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Feb 11, 2008

Firms grumble over too many holidays


With Thaipusam now joining the list, employers say the costs are getting too high

IT IS Chinese New Year and Malaysia's capital has been deserted in the last few days, as citizens enjoy one of the many holidays observed by a nation with an array of races and religions.

But the non-stop stream of festivals, which began last October when Muslims celebrated the end of the fasting month, is being met with grumbles from business and industry which say the nation cannot afford all the merry-making.

After Malaysia's majority Malays celebrated Hari Raya Puasa, it was the Hindus' turn with the Deepavali festival of lights, then Christmas, followed by traditional New Year and now Chinese New Year.

'I can't get anything done!' laments lawyer Karen Lynn Johnson, who is frantically preparing for her upcoming nuptials. 'Every supplier I call comes back to me with the same reply: Wait until after Chinese New Year.'

Malaysia's Chinese community dominates the business sector and the long holiday weekend saw a lull at construction sites, shopping malls and restaurants as city-dwellers flooded the highways to return to their home towns.

'For business people, it is never in their interests as it affects sales and trading,' said Mr M. Vivekananda of the Malaysian Employers' Federation.

'Our stand has always been that public holidays should not inhibit business activities. The markets should be kept open.'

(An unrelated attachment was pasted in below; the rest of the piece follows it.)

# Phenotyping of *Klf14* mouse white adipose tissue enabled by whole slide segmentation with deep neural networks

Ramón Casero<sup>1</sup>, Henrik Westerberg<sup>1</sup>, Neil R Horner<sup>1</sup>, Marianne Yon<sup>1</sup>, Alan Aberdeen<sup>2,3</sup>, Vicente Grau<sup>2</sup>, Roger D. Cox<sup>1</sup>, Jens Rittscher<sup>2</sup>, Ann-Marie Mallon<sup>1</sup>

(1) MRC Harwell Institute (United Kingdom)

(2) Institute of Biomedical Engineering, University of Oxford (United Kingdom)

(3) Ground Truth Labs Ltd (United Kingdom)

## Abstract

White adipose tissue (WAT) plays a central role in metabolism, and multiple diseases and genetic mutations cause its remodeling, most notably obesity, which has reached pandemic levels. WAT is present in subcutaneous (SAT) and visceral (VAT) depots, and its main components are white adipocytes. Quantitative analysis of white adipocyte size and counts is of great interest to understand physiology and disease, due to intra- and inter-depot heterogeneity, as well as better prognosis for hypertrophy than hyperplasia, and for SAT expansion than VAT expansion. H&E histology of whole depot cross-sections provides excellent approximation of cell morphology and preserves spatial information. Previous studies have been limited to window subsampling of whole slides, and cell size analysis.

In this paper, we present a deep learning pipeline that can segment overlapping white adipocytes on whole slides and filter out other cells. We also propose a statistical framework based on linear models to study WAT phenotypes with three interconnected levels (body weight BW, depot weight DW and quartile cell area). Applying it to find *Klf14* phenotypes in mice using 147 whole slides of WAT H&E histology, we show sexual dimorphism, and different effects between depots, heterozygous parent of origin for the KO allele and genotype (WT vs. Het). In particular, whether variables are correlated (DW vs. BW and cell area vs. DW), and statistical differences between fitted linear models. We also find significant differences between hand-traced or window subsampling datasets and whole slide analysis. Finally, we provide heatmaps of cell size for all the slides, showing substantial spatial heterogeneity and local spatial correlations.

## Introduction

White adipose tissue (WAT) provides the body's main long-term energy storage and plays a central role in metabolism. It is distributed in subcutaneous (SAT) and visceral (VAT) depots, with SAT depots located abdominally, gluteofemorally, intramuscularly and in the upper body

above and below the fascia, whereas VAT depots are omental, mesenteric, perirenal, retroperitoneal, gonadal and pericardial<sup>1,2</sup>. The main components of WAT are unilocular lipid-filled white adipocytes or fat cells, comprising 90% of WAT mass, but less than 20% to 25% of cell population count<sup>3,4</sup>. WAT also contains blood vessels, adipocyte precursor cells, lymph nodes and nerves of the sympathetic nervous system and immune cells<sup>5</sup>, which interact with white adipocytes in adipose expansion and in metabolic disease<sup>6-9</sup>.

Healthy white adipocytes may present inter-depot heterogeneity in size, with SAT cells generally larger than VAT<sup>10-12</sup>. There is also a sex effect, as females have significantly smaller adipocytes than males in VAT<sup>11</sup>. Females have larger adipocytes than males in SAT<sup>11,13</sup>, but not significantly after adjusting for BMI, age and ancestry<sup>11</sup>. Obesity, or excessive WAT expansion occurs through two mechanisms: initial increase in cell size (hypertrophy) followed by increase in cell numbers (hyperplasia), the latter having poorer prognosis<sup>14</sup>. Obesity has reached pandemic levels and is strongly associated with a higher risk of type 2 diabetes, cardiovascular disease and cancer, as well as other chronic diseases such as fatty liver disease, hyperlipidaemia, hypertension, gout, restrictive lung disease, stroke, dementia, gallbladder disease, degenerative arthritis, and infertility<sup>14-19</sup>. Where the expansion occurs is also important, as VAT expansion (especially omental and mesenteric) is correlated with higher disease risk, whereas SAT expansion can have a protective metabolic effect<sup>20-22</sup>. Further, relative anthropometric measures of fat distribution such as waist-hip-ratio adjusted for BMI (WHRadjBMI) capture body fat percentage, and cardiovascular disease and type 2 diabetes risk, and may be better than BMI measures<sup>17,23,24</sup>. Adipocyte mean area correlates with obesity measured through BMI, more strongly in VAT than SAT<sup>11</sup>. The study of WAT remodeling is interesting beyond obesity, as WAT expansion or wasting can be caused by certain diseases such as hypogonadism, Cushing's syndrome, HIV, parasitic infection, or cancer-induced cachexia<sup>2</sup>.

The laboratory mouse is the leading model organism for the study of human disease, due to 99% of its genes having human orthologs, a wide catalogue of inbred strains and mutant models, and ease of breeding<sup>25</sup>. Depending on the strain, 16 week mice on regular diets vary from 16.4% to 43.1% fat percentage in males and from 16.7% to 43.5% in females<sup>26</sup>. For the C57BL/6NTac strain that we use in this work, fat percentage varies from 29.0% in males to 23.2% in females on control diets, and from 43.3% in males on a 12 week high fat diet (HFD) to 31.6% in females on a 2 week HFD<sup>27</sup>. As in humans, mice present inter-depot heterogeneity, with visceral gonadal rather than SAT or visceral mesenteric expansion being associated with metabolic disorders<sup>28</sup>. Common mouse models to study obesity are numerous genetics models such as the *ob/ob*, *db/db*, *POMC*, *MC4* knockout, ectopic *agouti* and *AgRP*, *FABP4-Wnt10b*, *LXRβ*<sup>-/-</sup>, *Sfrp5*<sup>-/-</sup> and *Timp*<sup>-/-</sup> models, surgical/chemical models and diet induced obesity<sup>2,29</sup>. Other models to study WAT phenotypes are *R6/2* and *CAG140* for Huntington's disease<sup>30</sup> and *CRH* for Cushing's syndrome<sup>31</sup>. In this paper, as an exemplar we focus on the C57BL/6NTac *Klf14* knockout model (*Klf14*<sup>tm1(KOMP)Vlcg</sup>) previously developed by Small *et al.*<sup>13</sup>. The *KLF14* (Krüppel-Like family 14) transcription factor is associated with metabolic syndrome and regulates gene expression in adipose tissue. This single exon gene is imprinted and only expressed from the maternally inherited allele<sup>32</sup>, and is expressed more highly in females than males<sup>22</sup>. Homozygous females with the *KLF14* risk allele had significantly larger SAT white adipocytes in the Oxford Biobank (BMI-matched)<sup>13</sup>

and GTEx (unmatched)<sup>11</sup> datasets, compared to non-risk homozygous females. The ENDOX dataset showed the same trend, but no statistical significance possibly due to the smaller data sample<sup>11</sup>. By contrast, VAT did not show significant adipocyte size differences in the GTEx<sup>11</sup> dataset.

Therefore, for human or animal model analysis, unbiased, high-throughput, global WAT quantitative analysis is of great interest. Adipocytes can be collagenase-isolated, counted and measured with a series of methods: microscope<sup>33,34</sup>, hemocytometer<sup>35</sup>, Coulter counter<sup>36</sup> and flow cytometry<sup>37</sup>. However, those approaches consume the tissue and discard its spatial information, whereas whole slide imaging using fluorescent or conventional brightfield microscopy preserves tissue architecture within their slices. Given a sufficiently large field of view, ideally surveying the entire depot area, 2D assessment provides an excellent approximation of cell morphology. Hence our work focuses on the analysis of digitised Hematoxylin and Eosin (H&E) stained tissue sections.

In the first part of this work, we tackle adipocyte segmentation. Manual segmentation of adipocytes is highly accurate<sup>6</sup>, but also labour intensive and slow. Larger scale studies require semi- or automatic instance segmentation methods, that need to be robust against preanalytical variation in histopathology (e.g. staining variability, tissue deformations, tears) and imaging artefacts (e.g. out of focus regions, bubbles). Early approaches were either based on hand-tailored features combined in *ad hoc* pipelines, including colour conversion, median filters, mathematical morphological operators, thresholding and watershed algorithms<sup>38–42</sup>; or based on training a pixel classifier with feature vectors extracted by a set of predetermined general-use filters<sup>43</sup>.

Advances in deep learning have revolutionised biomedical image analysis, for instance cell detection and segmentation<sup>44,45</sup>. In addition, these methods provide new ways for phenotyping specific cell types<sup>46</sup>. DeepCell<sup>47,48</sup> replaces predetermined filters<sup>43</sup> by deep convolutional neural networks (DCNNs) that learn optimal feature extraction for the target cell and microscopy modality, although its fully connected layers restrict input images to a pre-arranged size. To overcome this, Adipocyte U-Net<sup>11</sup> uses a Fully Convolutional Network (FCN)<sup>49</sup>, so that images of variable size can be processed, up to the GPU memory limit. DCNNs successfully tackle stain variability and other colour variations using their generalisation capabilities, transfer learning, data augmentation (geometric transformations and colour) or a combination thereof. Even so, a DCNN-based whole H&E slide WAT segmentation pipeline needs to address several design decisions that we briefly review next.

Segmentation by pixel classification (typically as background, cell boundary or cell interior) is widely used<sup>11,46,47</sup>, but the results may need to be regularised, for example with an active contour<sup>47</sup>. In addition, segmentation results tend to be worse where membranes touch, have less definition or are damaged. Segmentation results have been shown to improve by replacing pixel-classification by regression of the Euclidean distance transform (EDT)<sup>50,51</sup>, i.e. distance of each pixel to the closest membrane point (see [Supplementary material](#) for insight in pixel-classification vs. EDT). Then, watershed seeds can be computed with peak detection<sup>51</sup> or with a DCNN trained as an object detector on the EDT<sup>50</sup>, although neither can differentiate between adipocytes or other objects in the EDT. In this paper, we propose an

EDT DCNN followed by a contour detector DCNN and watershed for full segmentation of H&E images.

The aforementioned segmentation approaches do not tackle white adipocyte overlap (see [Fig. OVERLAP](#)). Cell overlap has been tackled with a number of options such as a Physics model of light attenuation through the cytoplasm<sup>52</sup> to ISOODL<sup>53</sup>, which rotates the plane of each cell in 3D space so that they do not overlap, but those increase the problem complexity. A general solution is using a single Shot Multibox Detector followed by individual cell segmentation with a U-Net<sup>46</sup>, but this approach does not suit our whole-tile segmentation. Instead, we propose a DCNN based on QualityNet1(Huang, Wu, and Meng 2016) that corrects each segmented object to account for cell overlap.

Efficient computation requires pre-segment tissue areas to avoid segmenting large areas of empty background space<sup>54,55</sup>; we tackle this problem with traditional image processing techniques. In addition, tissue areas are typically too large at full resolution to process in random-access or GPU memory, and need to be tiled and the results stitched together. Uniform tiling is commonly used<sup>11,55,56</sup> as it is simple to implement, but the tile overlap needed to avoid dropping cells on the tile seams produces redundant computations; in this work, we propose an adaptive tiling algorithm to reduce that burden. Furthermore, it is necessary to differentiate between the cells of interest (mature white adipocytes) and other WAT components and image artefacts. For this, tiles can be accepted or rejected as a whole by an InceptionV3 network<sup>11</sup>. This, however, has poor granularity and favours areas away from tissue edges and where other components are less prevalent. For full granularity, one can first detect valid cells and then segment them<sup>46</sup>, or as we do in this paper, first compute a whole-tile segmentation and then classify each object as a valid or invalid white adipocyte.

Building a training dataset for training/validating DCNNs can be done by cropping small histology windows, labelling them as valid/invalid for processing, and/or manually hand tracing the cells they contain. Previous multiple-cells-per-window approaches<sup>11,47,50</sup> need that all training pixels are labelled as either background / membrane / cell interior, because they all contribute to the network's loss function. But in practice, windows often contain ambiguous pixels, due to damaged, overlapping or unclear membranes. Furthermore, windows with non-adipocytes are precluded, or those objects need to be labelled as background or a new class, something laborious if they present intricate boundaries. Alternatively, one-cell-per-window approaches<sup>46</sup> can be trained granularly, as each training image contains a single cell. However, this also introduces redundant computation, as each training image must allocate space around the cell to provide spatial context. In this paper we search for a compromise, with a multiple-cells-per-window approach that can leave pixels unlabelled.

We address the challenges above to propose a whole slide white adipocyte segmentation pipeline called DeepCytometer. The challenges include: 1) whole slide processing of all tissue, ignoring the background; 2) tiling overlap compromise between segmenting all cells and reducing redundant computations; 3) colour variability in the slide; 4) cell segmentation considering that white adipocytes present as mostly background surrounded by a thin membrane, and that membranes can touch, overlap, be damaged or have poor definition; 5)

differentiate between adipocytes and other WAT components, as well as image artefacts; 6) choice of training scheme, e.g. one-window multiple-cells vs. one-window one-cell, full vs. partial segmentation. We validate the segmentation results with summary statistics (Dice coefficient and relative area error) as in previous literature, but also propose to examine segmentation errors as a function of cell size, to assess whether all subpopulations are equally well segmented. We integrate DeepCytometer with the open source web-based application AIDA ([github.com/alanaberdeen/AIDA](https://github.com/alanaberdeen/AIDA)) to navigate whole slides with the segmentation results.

Business people complain that sales figures drop, trading on the bourse is halted and manufacturers which need to keep their factories open have to pay hefty overtime and triple holiday rates.

'Not only is it expensive, it disrupts the production of goods and sometimes deadlines cannot be met because there is not enough manpower,' Mr Vivekananda said.

Malaysia has 17 national holidays. In addition, each state has its own set of holidays.

Residents of states with sultans like Selangor and Johor enjoy an additional holiday to celebrate his birthday; Sabah and Sarawak close for a Good Friday holiday; and Terengganu and Perak are among seven states that celebrate Nuzul Quran (Revelation of the Quran Day).

As if that were not enough, Prime Minister Abdullah Badawi last month declared the Hindu festival of Thaipusam a public holiday just a few days beforehand, sending people scrambling to shift functions and events.

There are no figures on the costs involved, but in February last year exports shrank 14.41 per cent to RM41.1 billion (S$18 billion) compared with the previous month due to 'shorter working days and festivities', according to government data.

'On the stock market, millions of ringgit in business transactions are lost and we miss the opportunity to make money,' said businessman Michael Chiam.

Singapore has 11 public holidays, in line with the norm in many developed nations like the United States and Britain, which both have 10.

But Malaysian political economist Charles Santiago looks at the holiday issue in a different light. 'Private businesses feel there are too many holidays...but rested workers can also provide better productivity and benefit the economy in the long term,' he said.


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